Expository vs Technical Writing: How Are They Different?

Brianna Anderson
March 20, 2024
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Effective writers have a lot in common with chameleons. They can quickly analyze a situation and adapt their communication style in the blink of an eye. One day, they might craft an industry whitepaper with technical jargon and hard-hitting facts. The next day, they could use vivid metaphors and puns to create a compelling narrative for a travel blog. 

Understanding the difference between expository vs technical writing can help you seamlessly transition between formats and styles. Expository writing presents factual information in an analytical or explanatory way. By contrast, technical writing synthesizes and simplifies complicated concepts for specific audiences. Many writers work on a mixture of expository and technical projects throughout their careers. 

This guide provides an in-depth look at the differences between expository and technical writing, including common types of each and strategies to hone your expository and technical writing skills

What Is the Expository Form of Writing?

Expository writing uses evidence and analysis to educate readers about a topic. It aims to present factual information in a straightforward and objective manner. Writers typically use a linear and structured approach to lay out all the facts. 

This kind of writing often involves research to gather relevant evidence about the topic. Writers may include data, quotes from reliable sources, statistics, and other credible information. They also list their sources to establish their authority and allow readers to verify their claims. 

Additionally, the informative purpose of expository writing shapes the language and sentence structures. Writers aren’t trying to persuade readers or sell them a product, so they tend to use concise and unemotional language. They also organize information logically to guide the audience through the content.

But that doesn’t mean expository writing is boring or predictable. It should still engage the reader, even if it doesn’t try to sway them emotionally. 

Types of Expository Writing

There are many expository writing styles with different purposes and audiences. You may encounter these kinds of writing in academic, professional, and personal settings. 


Essays are one of the most popular kinds of expository writing. This piece of writing uses evidence and analysis to explain or make an informed argument about a particular topic. An essay typically has a clearly defined introduction, body paragraphs that explore the subject, and a conclusion. 

There are four main types of expository essays: 

  • Cause and Effect: This essay unpacks the factors or conditions that led to specific outcomes. It aims to uncover the origins of an effect and may also explore the consequences that follow. For example, the Mayo Clinic’s essay “Teens and social media use: What’s the impact?” explores how social media usage (the cause) can negatively impact teenagers’ mental health (the effect). 
  • Compare and Contrast: This kind of writing focuses on the similarities and differences between two or more ideas. The most effective compare-and-contrast essays examine concepts that connect in a meaningful or unexpected way. For instance, U.S. & World News published “Private School vs. Public School” to inform parents about the similarities and differences between schooling options for their children.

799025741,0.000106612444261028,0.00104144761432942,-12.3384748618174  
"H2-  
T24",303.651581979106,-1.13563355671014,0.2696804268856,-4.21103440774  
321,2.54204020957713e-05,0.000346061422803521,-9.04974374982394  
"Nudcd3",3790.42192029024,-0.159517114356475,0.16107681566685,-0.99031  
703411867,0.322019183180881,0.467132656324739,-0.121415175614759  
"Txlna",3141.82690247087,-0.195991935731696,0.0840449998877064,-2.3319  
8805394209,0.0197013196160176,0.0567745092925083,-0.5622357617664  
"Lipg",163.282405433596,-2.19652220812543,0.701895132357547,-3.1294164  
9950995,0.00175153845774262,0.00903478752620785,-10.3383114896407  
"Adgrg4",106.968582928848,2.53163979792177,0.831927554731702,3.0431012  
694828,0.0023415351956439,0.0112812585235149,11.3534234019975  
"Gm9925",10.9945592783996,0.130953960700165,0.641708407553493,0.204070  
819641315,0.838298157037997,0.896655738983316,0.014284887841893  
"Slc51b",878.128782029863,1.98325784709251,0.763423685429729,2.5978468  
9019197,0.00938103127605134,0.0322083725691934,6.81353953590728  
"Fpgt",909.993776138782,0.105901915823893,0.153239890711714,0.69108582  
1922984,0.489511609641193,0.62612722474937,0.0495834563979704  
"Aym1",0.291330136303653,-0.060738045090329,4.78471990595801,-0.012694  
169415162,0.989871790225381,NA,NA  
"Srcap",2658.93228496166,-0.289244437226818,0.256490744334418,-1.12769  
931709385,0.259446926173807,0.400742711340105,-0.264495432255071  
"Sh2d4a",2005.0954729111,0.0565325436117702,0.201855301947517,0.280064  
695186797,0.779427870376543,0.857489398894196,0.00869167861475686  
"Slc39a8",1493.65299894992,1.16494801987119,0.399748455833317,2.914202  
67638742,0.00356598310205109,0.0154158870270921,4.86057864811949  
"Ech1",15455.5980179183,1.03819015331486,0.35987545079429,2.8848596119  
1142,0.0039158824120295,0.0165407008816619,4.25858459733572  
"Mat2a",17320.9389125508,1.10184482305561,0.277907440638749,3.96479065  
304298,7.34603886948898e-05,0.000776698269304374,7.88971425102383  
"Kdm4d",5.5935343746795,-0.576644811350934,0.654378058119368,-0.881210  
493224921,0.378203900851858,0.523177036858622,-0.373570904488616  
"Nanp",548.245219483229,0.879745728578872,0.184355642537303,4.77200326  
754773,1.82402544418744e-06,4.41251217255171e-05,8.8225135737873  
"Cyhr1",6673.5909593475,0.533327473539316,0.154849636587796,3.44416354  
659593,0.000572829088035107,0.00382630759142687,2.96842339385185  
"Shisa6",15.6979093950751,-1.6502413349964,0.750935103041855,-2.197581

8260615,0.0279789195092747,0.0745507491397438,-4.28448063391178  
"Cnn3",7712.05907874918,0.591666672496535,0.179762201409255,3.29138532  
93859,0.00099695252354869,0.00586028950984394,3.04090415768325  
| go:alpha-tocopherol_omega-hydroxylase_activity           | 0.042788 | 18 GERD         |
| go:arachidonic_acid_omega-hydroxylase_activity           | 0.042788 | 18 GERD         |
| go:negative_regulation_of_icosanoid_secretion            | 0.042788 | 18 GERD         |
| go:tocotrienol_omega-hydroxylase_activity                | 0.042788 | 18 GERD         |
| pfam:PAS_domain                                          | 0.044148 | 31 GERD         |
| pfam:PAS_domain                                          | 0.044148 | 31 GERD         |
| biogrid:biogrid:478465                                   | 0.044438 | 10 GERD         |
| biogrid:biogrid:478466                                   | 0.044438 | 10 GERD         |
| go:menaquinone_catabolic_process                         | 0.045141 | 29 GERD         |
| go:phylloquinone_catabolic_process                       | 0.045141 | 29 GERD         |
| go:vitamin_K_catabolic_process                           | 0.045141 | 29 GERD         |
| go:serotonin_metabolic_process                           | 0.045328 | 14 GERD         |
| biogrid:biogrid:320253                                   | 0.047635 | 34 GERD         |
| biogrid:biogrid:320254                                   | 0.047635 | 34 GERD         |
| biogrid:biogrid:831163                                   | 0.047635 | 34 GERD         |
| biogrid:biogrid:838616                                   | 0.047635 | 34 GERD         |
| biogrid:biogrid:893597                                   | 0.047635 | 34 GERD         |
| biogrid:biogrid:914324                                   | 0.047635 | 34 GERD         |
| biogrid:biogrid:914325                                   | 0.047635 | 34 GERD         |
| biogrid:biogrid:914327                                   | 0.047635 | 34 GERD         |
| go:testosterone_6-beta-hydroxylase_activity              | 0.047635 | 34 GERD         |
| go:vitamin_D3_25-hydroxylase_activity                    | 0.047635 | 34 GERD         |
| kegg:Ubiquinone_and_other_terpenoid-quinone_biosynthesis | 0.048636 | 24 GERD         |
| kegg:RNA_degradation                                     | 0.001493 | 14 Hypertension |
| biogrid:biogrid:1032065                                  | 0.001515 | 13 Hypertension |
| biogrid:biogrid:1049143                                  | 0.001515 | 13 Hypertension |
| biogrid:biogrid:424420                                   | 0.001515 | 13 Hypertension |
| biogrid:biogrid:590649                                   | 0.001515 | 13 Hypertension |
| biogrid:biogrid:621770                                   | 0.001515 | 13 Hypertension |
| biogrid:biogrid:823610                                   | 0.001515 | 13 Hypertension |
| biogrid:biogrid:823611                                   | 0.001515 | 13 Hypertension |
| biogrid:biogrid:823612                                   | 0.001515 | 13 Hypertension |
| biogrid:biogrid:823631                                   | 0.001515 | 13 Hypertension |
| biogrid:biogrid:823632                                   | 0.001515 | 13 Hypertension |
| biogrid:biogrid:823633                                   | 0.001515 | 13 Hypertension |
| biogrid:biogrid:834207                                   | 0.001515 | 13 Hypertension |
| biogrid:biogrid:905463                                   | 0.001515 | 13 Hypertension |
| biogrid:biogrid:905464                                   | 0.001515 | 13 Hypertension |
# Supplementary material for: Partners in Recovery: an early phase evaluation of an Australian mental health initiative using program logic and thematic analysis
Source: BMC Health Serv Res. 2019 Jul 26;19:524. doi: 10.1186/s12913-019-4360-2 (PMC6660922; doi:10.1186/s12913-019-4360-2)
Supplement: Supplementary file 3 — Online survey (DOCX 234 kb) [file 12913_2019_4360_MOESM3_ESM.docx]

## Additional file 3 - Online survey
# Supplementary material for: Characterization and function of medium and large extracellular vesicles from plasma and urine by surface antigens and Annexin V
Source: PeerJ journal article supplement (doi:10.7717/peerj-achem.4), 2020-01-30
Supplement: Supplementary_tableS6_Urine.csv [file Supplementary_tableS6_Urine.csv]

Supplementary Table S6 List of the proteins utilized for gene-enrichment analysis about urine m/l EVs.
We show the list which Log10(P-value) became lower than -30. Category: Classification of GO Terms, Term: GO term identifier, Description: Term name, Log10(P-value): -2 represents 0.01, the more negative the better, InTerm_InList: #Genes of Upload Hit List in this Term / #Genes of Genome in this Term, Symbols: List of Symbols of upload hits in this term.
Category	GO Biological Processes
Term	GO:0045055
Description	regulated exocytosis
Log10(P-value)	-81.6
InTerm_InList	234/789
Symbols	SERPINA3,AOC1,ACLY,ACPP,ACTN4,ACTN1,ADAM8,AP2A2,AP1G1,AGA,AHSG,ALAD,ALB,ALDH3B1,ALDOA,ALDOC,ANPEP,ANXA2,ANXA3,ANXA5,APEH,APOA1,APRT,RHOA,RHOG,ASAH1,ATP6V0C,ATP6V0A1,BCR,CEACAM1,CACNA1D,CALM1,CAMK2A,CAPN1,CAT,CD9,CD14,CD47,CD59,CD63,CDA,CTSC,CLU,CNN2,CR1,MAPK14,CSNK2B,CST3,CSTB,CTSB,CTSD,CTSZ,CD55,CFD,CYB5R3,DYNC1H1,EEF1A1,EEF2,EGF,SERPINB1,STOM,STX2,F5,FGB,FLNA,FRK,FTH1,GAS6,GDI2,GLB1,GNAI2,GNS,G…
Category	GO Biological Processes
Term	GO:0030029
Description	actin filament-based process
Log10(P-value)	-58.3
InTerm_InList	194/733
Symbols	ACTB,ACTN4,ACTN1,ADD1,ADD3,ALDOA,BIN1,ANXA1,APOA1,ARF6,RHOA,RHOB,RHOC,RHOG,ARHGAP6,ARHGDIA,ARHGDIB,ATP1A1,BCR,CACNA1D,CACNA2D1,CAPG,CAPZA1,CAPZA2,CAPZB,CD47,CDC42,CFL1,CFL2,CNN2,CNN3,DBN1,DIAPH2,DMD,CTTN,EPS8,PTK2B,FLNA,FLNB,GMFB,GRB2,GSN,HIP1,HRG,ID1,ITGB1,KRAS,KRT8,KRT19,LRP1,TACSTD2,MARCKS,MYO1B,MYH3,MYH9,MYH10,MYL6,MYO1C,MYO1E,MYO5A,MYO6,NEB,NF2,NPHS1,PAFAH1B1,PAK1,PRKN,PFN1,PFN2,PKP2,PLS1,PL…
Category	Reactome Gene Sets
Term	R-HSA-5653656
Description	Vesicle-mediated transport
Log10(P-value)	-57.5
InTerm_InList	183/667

• Problem and Solution: This essay introduces a problem, explains why it’s important to address it, and proposes one or more potential solutions. It may also anticipate and refute objections to the solutions. CNBC pitches solutions for climate change in “8 easy – and cheap – ways to cut your carbon emissions.” 
  • Process: This piece of writing offers a step-by-step explanation for a specific task or mechanism. It teaches broad audiences about the sequential steps involved in making a process work or completing a task. The New York Times article “How to Write a ‘How-To’: A Step-by-Step Guide to our Contest” is an example of a process essay and a guide to writing one yourself. 

Descriptive Writing

Descriptive writing uses rich language and literary devices to educate the reader about a topic. It’s more creative and expressive than other expository writing types. However, descriptive writing is still grounded in factual information and objectivity. Writers aim to engage readers and evoke vivid images without compromising the essay’s accuracy.

Descriptive expository writing has these characteristics: 

  • Appeals to the five senses (sight, sound, taste, smell, touch) 
  • An emphasis on the storytelling aspect of writing 
  • Detailed descriptions of people, places, and other subjects 
  • Use of similes, metaphors, and other figurative language 

Exploratory Writing

Exploratory writing investigates a problem, a topic, or experience. Creators often use this type of writing to work through an idea or explore different aspects of an issue without taking a firm stance. For instance, in this article from The Guardian, a writer weighs the pros and cons of having children: “As a science journalist I’m reconsidering having kids. I’m not the only one.” 

An exploratory piece of writing has these traits: 

  • Considers the topic from multiple perspectives 
  • Incorporates evidence from a broad range of sources 
  • Use exploratory language, such as “I wonder” and “what if”
  • Has a questioning and curious tone 
  • Has an open-ended conclusion

Anecdotal Evidence

An anecdote is a story based on an individual’s personal experiences or observations.

Anecdotes can be incredibly powerful, especially if they’re engaging and resonate with audiences. In fact, a meta-analysis found that anecdotal evidence is more persuasive than statistical evidence when the audience feels emotionally invested in the subject.